Toni Maschler, a Washington, D.C., attorney, said generally, she considers a permiso a permit, like a driver’s license, and not the notice to appear for an immigration hearing. Maschler speculated the document’s references to permisos were really to the document that releases someone on their own recognizance.
Lisa Brodyaga, a lawyer in San Benito, close to the Texas-Mexico border, similarly said the document’s references to permisos probably mean paperwork related to releases on personal recognizance, which she said clear the way for women and unaccompanied children to leave the border region; men, for the most part, she said, are kept in detention. Each release "allows you to get out of detention, allows you to travel, it allows you to go be with your family," Brodyaga said, "and, as long as you go to your hearings when you have them, it allows you to stay in the United States. It’s a ‘permit,’ until you get deported."
"It’s nowhere near amnesty," Brodyaga said, which would mean "you are forgiven for something. You’re not forgiven. You’re subject to the laws of the United States… This does not entitle them to remain indefinitely." Similarly, Maschler said the release on personal recognizance is "not amnesty. It doesn’t give anybody a permanent right to stay in the United States." Young said: "Amnesty would indicate some form of legal waiver of your undocumented presence or entry. That is not the situation."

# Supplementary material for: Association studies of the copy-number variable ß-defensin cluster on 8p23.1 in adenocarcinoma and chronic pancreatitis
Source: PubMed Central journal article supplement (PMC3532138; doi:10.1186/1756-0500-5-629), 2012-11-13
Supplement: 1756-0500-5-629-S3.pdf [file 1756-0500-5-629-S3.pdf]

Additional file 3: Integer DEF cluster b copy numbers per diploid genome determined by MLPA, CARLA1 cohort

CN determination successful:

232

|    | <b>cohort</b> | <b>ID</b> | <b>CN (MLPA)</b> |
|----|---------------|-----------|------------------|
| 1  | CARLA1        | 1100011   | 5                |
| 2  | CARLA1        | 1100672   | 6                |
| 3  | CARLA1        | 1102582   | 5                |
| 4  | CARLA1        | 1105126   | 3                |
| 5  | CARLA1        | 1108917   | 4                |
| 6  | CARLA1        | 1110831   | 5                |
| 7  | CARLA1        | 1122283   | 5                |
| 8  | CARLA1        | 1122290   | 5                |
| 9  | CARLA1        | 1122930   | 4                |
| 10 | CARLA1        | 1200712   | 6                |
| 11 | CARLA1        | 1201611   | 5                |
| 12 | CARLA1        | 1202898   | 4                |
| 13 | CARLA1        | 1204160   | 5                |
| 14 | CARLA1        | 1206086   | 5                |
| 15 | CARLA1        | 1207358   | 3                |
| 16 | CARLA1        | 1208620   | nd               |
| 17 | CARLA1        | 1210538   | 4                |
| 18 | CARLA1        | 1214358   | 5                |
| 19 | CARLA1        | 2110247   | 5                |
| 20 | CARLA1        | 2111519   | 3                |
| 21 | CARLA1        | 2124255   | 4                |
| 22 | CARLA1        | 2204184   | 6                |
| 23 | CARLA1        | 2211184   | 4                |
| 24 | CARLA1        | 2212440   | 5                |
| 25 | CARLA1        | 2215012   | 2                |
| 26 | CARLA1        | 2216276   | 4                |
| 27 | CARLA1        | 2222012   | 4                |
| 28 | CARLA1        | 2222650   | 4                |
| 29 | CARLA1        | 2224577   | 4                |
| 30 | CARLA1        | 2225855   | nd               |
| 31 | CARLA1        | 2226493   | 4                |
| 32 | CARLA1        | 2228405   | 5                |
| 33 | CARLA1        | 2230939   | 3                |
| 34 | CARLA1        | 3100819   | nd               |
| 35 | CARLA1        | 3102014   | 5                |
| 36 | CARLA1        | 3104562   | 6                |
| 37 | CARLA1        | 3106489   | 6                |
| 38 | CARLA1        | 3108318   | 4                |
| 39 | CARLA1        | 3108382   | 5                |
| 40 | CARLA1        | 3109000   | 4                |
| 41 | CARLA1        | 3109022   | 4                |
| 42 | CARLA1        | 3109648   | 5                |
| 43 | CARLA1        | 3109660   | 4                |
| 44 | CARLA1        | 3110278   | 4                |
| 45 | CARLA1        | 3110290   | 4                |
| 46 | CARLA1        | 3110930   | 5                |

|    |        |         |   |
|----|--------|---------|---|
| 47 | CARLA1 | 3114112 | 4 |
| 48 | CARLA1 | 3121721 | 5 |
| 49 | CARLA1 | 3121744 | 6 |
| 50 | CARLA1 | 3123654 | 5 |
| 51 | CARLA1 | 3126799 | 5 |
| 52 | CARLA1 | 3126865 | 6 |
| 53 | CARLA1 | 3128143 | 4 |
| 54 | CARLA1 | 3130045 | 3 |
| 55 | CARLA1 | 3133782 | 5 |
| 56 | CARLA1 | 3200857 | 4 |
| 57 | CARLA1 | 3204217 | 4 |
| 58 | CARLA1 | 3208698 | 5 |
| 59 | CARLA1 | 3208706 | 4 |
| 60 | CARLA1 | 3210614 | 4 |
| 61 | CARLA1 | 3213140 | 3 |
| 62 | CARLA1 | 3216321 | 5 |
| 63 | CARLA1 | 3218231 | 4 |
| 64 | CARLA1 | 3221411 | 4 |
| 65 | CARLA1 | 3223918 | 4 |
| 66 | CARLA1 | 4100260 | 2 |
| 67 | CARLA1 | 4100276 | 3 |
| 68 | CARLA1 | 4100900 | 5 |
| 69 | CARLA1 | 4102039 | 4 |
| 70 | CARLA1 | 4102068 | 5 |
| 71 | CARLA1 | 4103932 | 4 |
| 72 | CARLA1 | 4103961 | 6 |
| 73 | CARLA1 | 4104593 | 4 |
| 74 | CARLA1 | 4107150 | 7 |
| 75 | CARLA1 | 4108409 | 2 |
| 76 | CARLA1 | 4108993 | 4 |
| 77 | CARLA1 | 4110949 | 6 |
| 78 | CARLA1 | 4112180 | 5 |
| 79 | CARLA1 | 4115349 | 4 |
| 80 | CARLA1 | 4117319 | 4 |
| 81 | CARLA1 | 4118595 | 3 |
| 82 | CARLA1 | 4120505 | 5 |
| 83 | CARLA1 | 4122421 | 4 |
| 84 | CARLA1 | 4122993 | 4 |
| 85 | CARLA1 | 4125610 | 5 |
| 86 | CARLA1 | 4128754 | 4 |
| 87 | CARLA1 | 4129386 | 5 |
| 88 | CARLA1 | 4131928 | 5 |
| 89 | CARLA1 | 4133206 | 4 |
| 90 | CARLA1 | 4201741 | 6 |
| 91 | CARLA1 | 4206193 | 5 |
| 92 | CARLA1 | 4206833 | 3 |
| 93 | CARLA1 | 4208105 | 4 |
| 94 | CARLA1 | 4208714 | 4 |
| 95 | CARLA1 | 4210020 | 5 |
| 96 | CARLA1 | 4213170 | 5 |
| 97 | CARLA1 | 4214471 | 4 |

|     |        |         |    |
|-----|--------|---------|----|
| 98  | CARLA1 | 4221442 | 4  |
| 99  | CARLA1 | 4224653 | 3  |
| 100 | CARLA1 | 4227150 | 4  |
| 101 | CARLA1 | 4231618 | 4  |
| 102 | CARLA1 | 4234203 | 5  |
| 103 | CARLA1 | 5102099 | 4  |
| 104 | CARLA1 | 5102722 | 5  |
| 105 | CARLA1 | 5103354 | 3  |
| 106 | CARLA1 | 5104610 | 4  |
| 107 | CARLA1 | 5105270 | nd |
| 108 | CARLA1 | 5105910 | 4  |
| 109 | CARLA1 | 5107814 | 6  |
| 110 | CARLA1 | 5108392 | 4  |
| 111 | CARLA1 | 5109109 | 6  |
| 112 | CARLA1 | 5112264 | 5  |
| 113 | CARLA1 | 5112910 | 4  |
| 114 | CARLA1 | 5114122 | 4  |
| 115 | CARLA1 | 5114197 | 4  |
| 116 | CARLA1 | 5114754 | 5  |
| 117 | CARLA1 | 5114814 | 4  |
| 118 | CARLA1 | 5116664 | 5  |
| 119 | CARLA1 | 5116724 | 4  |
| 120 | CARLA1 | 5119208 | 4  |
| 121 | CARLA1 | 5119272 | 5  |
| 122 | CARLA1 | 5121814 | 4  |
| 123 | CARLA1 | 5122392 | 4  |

Apprised of the lawyers’ assessments, Cruz’s spokeswoman said by email Cruz didn’t say that any legal papers deliver amnesty to border crossers. The point is people are coming because they think they’ll be allowed to stay, as they have been, Frazier said.
Cruz said a survey indicates 95 percent of people caught crossing the U.S.-Mexico border said "we are coming because we’ve been promised amnesty."
This statement accurately recaps a statistic in a document made public by another senator: 95 percent of 230 adults and unaccompanied children interviewed recently by the Border Patrol gave as the main reason for their journeys the U.S. government issuing permisos, which the document defines as notices to appear in immigration court enabling recipients to stay in the country at least until then.
But that’s not "amnesty," as in an absolution enabling people to stay indefinitely without risk of penalty, and indeed "amnesty" goes unmentioned in the survey summary. Also, as unsaid by Cruz, the immigrants listed other reasons for coming, including crime and violence in home countries. The document, with its anonymous origins, doesn’t specify how many individuals singled out these other factors. Another study, in which the United Nations earlier surveyed twice as many immigrants, pointed to gang violence as the vital factor.
We rate this claim, which is partly accurate but leaves out relevant details, as Half True.
HALF TRUE – The statement is partially accurate but leaves out important details or takes things out of context.